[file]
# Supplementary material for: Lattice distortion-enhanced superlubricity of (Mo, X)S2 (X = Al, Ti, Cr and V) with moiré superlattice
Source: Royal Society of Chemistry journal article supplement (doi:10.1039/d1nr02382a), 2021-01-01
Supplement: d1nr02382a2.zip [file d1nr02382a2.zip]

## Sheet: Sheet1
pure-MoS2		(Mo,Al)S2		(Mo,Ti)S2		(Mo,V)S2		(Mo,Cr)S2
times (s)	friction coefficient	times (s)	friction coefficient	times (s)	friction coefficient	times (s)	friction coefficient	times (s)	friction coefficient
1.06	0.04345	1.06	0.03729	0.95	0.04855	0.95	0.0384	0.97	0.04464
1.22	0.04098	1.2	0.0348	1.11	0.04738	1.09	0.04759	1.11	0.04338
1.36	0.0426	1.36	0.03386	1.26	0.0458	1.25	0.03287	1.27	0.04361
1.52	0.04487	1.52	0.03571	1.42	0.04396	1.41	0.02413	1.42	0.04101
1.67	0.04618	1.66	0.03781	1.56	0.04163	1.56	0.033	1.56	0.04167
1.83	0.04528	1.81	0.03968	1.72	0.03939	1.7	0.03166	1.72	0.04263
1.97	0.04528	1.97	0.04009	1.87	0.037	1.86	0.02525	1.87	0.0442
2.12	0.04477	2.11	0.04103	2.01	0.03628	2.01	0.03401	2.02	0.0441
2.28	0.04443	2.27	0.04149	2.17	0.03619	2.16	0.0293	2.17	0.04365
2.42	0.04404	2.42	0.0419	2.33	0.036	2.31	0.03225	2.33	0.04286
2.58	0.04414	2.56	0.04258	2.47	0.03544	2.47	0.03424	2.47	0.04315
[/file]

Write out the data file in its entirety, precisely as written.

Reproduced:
# Supplementary material for: Lattice distortion-enhanced superlubricity of (Mo, X)S2 (X = Al, Ti, Cr and V) with moiré superlattice
Source: Royal Society of Chemistry journal article supplement (doi:10.1039/d1nr02382a), 2021-01-01
Supplement: d1nr02382a2.zip [file d1nr02382a2.zip]

## Sheet: Sheet1
pure-MoS2		(Mo,Al)S2		(Mo,Ti)S2		(Mo,V)S2		(Mo,Cr)S2
times (s)	friction coefficient	times (s)	friction coefficient	times (s)	friction coefficient	times (s)	friction coefficient	times (s)	friction coefficient
1.06	0.04345	1.06	0.03729	0.95	0.04855	0.95	0.0384	0.97	0.04464
1.22	0.04098	1.2	0.0348	1.11	0.04738	1.09	0.04759	1.11	0.04338
1.36	0.0426	1.36	0.03386	1.26	0.0458	1.25	0.03287	1.27	0.04361
1.52	0.04487	1.52	0.03571	1.42	0.04396	1.41	0.02413	1.42	0.04101
1.67	0.04618	1.66	0.03781	1.56	0.04163	1.56	0.033	1.56	0.04167
1.83	0.04528	1.81	0.03968	1.72	0.03939	1.7	0.03166	1.72	0.04263
1.97	0.04528	1.97	0.04009	1.87	0.037	1.86	0.02525	1.87	0.0442
2.12	0.04477	2.11	0.04103	2.01	0.03628	2.01	0.03401	2.02	0.0441
2.28	0.04443	2.27	0.04149	2.17	0.03619	2.16	0.0293	2.17	0.04365
2.42	0.04404	2.42	0.0419	2.33	0.036	2.31	0.03225	2.33	0.04286
2.58	0.04414	2.56	0.04258	2.47	0.03544	2.47	0.03424	2.47	0.04315